The Sentinel Initiative: Being proactive is key

The FDA is becoming more proactive in monitoring the safety of drugs. Rather than being caught off guard by safety discoveries the FDA might make, pharma companies have an opportunity to demonstrate results to the FDA that are timely, clear and credible. What steps should your organization be making now to get ahead of the growing data-gathering capabilities through its Sentinel Initiative?

Fueled by Technology and Emerging Collaboration

As you may recall, Sentinel is the  FDA’s national electronic system, which was launched in 2008 as a follow up to the FDA Amendments Act (FDAAA) of 2007. It’s a system that, using a distributed data approach, allows the FDA to take a more proactive approach to monitoring the safety of regulated medical products, including drugs, vaccines, biologics and medical devices.

The Sentinel Initiative is made possible not only because of technology, but also because of the emerging collaborations and coordination taking place among multiple players in the healthcare arena, from Pharma, to providers, to insurers, to the government. All of these players have access to data that can be collected, aggregated and analyzed to identify safety issues, risks and adverse events that might otherwise have gone unnoticed or under-reported. This is a complement or a companion to the FDA’s Adverse Event Reporting System (FAERS), where adverse events are self-reported. Data is populated by clinicians, pharmacists, hospitals, lawyers, manufacturers (e.g., pharmaceutical companies) and even consumers.

Big Data Drives Change

In the past, the FDA had taken a more passive approach to the identification of potential issues, calling upon patient self-reporting to alert the organization when an adverse event had occurred. But big data can now bring these issues to light.

The healthcare industry is a potential beneficiary of big data, but there are challenges in accessing data in a timely manner in order to evaluate and assess risks. Electronic health records (EHRs) and various registries capture a wide range of data on patients and their care. That data can be used to improve care; it can also be used to identify adverse events or safety issues that drug companies, payers and the FDA all want to be aware of.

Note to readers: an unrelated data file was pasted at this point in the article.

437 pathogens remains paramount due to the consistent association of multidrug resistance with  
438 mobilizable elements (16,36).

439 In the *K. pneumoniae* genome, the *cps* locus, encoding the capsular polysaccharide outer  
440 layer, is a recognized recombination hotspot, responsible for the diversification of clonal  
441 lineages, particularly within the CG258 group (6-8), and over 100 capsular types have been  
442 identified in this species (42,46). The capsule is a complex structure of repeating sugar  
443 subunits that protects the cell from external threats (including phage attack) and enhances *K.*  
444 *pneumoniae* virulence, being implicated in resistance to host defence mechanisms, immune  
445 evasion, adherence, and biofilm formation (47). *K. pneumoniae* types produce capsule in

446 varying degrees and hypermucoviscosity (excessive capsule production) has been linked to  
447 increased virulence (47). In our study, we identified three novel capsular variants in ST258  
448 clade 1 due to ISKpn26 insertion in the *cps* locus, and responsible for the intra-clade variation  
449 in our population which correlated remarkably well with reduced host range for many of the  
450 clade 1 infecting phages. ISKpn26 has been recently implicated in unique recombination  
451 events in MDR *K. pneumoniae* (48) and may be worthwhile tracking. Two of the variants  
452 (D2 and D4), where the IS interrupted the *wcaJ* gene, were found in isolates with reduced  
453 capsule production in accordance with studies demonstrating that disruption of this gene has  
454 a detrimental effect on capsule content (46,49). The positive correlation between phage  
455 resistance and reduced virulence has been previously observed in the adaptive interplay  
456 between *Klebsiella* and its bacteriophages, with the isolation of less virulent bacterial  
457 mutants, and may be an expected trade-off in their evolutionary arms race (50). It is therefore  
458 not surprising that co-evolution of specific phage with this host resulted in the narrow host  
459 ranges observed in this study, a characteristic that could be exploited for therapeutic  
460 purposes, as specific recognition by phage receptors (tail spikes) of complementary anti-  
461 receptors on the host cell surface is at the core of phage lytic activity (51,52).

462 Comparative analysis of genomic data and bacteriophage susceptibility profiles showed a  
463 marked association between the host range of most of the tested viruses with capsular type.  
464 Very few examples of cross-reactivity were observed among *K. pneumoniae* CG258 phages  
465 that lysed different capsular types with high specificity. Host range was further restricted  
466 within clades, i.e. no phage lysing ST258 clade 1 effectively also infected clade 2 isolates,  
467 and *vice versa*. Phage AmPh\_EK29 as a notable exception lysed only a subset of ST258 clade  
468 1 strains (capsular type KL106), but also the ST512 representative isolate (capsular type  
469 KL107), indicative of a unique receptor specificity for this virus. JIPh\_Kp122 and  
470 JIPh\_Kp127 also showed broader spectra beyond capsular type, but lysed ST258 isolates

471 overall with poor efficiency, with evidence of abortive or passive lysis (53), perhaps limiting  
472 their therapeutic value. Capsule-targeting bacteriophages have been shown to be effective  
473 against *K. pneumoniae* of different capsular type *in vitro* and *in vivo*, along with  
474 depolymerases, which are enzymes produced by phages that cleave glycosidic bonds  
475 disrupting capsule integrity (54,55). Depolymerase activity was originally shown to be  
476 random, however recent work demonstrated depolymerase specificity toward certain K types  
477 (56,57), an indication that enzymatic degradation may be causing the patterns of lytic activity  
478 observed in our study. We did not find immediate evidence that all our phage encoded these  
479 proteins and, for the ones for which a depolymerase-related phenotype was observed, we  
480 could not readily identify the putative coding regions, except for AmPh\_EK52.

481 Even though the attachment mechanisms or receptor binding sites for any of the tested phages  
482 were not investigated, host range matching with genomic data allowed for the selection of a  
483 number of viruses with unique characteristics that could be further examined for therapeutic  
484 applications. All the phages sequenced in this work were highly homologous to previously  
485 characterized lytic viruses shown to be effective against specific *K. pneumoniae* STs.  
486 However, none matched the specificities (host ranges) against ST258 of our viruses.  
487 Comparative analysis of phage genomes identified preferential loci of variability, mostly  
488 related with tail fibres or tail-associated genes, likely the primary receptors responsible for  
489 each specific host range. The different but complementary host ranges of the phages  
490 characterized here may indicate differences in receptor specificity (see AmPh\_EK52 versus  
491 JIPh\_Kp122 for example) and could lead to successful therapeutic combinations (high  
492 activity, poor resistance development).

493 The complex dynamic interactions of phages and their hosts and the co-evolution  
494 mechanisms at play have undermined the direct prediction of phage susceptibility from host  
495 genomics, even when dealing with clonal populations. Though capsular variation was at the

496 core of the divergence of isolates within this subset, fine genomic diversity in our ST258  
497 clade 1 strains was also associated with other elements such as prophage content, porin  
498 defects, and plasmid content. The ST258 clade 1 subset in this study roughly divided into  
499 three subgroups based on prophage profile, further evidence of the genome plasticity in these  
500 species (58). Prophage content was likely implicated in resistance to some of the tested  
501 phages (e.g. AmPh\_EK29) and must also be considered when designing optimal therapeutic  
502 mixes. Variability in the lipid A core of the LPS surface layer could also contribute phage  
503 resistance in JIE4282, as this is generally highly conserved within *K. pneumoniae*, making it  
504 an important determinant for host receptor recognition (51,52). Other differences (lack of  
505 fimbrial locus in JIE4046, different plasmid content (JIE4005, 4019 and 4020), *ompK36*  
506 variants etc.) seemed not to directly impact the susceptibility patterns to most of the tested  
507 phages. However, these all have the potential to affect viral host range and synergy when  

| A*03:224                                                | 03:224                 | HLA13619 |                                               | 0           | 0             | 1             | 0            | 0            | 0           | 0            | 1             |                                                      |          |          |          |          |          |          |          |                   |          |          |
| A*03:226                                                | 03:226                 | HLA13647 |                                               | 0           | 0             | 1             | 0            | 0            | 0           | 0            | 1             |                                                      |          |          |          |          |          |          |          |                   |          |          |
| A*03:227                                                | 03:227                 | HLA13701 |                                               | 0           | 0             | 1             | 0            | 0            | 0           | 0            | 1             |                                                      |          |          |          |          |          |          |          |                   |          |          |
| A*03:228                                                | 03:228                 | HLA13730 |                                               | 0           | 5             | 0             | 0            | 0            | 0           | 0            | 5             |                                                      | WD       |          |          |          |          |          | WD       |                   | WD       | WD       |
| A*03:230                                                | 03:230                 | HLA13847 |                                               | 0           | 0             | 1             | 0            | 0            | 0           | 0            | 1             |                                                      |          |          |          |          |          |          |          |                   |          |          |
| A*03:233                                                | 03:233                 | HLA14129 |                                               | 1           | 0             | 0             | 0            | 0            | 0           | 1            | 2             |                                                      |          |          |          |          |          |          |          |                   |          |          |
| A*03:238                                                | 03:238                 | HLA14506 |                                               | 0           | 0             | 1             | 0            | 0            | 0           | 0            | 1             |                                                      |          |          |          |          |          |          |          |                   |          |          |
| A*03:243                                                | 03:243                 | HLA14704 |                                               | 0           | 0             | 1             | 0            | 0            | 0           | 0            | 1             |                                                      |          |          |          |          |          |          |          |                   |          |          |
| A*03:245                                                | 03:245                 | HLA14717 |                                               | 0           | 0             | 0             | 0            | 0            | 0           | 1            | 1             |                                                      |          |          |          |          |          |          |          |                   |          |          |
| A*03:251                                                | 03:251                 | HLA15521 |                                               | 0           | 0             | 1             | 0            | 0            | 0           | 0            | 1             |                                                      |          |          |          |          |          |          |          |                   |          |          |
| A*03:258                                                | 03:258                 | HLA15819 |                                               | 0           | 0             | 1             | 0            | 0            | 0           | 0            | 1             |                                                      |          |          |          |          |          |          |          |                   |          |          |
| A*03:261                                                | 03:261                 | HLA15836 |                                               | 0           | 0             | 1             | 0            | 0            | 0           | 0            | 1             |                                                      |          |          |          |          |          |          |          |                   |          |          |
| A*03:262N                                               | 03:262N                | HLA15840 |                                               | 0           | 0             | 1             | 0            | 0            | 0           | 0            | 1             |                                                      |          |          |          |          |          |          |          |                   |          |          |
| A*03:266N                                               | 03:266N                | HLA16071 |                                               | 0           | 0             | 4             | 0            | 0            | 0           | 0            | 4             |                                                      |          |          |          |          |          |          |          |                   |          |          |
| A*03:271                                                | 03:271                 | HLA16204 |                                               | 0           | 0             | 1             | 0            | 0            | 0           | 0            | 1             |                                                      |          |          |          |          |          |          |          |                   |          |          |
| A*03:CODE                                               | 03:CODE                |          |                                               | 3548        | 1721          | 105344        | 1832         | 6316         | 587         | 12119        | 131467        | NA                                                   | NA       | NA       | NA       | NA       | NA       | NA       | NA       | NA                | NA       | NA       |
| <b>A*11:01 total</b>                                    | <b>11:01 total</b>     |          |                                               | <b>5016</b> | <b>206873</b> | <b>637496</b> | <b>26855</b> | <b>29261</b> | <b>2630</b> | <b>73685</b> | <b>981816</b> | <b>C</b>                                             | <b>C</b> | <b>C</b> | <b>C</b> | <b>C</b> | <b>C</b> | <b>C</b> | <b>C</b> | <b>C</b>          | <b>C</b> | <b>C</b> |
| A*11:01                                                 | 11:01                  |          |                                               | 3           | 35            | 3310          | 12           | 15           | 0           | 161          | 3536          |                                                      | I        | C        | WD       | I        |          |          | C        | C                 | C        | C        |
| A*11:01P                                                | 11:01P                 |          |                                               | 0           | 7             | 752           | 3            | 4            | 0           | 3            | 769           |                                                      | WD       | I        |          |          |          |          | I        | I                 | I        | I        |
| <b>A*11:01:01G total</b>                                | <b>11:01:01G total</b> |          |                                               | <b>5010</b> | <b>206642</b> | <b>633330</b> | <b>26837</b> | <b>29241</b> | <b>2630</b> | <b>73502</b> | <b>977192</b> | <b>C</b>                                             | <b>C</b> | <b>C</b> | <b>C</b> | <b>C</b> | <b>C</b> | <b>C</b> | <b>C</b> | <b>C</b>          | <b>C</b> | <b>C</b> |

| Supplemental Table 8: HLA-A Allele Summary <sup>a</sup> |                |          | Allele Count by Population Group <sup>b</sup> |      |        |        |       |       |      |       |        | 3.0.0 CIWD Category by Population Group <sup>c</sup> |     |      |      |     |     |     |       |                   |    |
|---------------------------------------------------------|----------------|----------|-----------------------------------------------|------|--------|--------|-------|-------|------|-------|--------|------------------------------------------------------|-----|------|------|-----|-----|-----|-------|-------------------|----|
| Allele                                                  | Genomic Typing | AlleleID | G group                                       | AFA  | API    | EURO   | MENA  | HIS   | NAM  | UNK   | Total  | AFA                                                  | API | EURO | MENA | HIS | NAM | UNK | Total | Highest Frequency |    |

Transparency Provides Crucial Information

All drugs carry risks. While many risks are discovered during the clinical development process through clinical trials, it’s not uncommon for risks to emerge after approval.  While clinical trials are well controlled and conducted in a defined population, real world data in larger and often broader populations provide valuable insights for risk assessment.  Manufacturers are required to report an adverse event within 15 days “if it is serious and unexpected” to health agencies.

Meanwhile, under a system where reporting by physicians and patients to the FDA is voluntary, drug safety experts estimate that only about 10 percent of adverse drug events are reported through FAERS, according to a Health Affairs Health Policy Brief.

By monitoring relevant information, impacts can be explained in context. For example, a patient who has a negative reaction may be taking more than one prescribed medication, in addition to over-the-counter remedies and other treatments. Patients may also suffer from co-morbidities, leading to further complexity. These impacts must be monitored closely to identify root causes by minimizing the noise and, then, bringing the information forward.

As the healthcare industry has discovered over the past several years as it has worked to minimize medication errors, encouraging openness and transparency ultimately serves to identify safety risks that can be addressed through process improvement and the sharing of best practices.

Opportunities for Pharma

Initial Sentinel pilot programs began in 2008 and have had setbacks along the way.

Despite the promise of applying large amounts of data to identify potential safety risks, the reality is that the Sentinel database is still a distributed database, relying on inputs from independent participants that are not currently merged to allow for deeper analysis and comparison. Some critics have also noted that most of this data still relies upon claims that don’t offer insights into treatment outcomes.

These programs, however, are maturing and the FDA now has almost 10 years of experience and insights to draw upon as it ramps up efforts to realize the promise of the Sentinel initiative.

But data without context are just numbers. Data with context are information.

Pharma can provide this context by monitoring and sharing information on post-approval data of real-world studies and usage to get ahead of potential medical product safety questions. By being transparent and proactively presenting clear and credible data about drug efficacy, risks and successes, Pharma has an opportunity to help put the best science forward, starting internally. Employees can be strong brand ambassadors and can help patient outcomes when armed with the right information.